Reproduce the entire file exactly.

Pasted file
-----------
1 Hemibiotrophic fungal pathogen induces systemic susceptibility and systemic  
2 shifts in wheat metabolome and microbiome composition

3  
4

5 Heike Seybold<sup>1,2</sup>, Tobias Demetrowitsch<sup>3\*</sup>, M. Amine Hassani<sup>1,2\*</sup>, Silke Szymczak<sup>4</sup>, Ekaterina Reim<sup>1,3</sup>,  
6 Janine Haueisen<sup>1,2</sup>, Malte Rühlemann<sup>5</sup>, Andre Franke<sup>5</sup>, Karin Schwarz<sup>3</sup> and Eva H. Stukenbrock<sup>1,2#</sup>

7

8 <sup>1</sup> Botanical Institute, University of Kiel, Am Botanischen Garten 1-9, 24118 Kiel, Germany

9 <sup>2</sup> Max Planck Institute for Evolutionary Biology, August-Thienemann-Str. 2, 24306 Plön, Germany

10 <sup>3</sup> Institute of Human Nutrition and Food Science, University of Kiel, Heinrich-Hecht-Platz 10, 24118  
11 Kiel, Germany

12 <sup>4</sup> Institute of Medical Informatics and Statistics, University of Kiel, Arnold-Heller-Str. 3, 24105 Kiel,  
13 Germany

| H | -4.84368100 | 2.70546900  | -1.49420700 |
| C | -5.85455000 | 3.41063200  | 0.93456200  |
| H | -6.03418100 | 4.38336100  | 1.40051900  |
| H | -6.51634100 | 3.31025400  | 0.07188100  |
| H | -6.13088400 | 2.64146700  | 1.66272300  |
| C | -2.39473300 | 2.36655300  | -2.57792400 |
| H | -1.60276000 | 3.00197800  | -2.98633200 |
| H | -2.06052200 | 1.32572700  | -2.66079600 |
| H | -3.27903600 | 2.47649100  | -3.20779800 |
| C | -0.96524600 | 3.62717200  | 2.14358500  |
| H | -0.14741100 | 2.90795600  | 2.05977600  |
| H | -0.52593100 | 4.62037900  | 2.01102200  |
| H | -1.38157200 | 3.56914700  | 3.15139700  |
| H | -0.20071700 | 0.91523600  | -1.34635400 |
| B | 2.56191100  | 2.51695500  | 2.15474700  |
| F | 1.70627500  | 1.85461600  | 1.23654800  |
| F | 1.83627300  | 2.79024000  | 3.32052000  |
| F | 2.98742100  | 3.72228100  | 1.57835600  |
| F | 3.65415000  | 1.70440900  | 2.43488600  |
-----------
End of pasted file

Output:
1 Hemibiotrophic fungal pathogen induces systemic susceptibility and systemic  
2 shifts in wheat metabolome and microbiome composition

3  
4

5 Heike Seybold<sup>1,2</sup>, Tobias Demetrowitsch<sup>3\*</sup>, M. Amine Hassani<sup>1,2\*</sup>, Silke Szymczak<sup>4</sup>, Ekaterina Reim<sup>1,3</sup>,  
6 Janine Haueisen<sup>1,2</sup>, Malte Rühlemann<sup>5</sup>, Andre Franke<sup>5</sup>, Karin Schwarz<sup>3</sup> and Eva H. Stukenbrock<sup>1,2#</sup>

7

8 <sup>1</sup> Botanical Institute, University of Kiel, Am Botanischen Garten 1-9, 24118 Kiel, Germany

9 <sup>2</sup> Max Planck Institute for Evolutionary Biology, August-Thienemann-Str. 2, 24306 Plön, Germany

10 <sup>3</sup> Institute of Human Nutrition and Food Science, University of Kiel, Heinrich-Hecht-Platz 10, 24118  
11 Kiel, Germany

12 <sup>4</sup> Institute of Medical Informatics and Statistics, University of Kiel, Arnold-Heller-Str. 3, 24105 Kiel,  
13 Germany

| H | -4.84368100 | 2.70546900  | -1.49420700 |
| C | -5.85455000 | 3.41063200  | 0.93456200  |
| H | -6.03418100 | 4.38336100  | 1.40051900  |
| H | -6.51634100 | 3.31025400  | 0.07188100  |
| H | -6.13088400 | 2.64146700  | 1.66272300  |
| C | -2.39473300 | 2.36655300  | -2.57792400 |
| H | -1.60276000 | 3.00197800  | -2.98633200 |
| H | -2.06052200 | 1.32572700  | -2.66079600 |
| H | -3.27903600 | 2.47649100  | -3.20779800 |
| C | -0.96524600 | 3.62717200  | 2.14358500  |
| H | -0.14741100 | 2.90795600  | 2.05977600  |
| H | -0.52593100 | 4.62037900  | 2.01102200  |
| H | -1.38157200 | 3.56914700  | 3.15139700  |
| H | -0.20071700 | 0.91523600  | -1.34635400 |
| B | 2.56191100  | 2.51695500  | 2.15474700  |
| F | 1.70627500  | 1.85461600  | 1.23654800  |
| F | 1.83627300  | 2.79024000  | 3.32052000  |
| F | 2.98742100  | 3.72228100  | 1.57835600  |
| F | 3.65415000  | 1.70440900  | 2.43488600  |